This is not a whole lot of oil production that can be tapped within 30 days, per the definition of spare capacity by the U.S. Energy Information Administration. And if an outage happens somewhere in the world, it will become painfully clear exactly how little this is.

Related: Why Nuclear Energy Is More Relevant Than Ever

One energy analyst put it succinctly after OPEC+ announced the new production target.

"Saudi has to make a choice — do we let the price go higher while maintaining a super emergency, super crisis level of spare capacity?" Paul Sankey from Sankey Research told CNBC last week. "Or do we add oil into the market and go to effectively almost zero spare capacity, and then what happens if Libya goes down?"

Given that Libya "goes down" on average once a quarter and sometimes for an extended period of time and given that hurricane season is beginning in the Gulf of Mexico, the picture becomes even grimmer.

In previous years, hurricane season has taken offline the bulk of U.S. offshore oil production, which in turn accounts for 15 percent of total U.S. oil production. The bullish factors for oil seem to be just piling up.

"Saudi Arabia will be producing (about) 11 million bpd by the end of summer, and real spare capacity globally which can be brought online fairly quickly will be standing at just 1.5% of global demand," Barclays said in note, in which the bank raised its forecast for Brent crude by $11 per barrel for this year and by $23 per barrel for next year, Reuters reported this week.

If this happens, Saudi will be near its spare capacity limit: it has never produced 11 million bpd for an extended period of time, Reuters noted in the report. It probably won't do it now, either—see the choice outlined above by Sankey.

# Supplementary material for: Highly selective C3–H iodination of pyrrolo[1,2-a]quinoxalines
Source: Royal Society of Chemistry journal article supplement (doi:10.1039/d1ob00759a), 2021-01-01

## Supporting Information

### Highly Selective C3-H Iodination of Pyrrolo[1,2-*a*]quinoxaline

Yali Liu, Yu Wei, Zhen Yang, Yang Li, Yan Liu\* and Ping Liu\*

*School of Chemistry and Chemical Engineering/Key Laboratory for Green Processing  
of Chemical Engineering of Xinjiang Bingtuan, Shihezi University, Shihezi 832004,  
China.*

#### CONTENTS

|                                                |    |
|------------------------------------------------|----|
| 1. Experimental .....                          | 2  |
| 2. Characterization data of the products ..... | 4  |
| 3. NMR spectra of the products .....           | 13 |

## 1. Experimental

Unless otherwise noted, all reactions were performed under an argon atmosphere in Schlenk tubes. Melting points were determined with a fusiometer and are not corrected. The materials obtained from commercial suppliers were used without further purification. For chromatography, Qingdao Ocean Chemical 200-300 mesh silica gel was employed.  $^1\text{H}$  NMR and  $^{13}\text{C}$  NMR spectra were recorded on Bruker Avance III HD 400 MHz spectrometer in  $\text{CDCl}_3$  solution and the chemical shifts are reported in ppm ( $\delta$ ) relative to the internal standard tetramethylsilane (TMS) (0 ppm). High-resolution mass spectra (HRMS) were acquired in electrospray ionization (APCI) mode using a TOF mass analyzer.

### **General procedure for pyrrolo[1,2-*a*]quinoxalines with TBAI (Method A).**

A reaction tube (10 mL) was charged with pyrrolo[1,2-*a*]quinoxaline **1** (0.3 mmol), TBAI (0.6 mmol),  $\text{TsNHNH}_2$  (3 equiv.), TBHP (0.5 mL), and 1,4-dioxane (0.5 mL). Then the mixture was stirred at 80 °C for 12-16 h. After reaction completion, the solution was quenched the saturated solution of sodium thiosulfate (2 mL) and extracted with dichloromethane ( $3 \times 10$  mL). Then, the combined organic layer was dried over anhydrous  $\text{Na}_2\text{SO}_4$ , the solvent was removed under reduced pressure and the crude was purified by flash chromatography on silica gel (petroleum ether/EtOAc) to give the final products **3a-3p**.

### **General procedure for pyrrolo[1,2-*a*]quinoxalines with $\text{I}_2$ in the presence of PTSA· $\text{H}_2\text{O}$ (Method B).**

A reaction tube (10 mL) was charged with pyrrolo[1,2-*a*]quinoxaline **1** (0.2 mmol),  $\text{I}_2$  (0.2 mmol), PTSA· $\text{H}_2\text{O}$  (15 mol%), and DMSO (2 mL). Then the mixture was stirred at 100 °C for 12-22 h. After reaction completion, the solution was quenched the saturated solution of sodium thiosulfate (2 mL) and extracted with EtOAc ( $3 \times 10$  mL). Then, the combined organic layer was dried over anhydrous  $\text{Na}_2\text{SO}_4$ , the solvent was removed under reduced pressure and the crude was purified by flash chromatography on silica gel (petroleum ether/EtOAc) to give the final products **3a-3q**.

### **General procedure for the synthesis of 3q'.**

In fact, according to other forecasts, OPEC+ will go nowhere near its new target: JP Morgan sees actual output additions at 160,000 bpd in July and 170,000 bpd in August. Leaving geopolitics aside, although geopolitical considerations have a big part to play in OPEC+'s policies, there is simply not enough spare production capacity to make that production boost work.

By Irina Slav for

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White House Ups Anti-Oil Company Rhetoric

By Julianne Geiger - Jun 09, 2022, 2:00 PM CDT

The White House is doubling down on its rhetoric against oil and gas companies in the wake of higher gasoline prices—rhetoric that is likely to do precious little to inspire long term investments in an industry that is scrambling to meet demand—but one that could garner support for a possible windfall tax on the heavily profitable industry.

"It's outrageous that oil and gas companies are able to take advantage and make four times the profits that they made when there wasn't a war," deputy director of the National Economic Council Bharat Ramamurti told CNN in a phone interview on Thursday.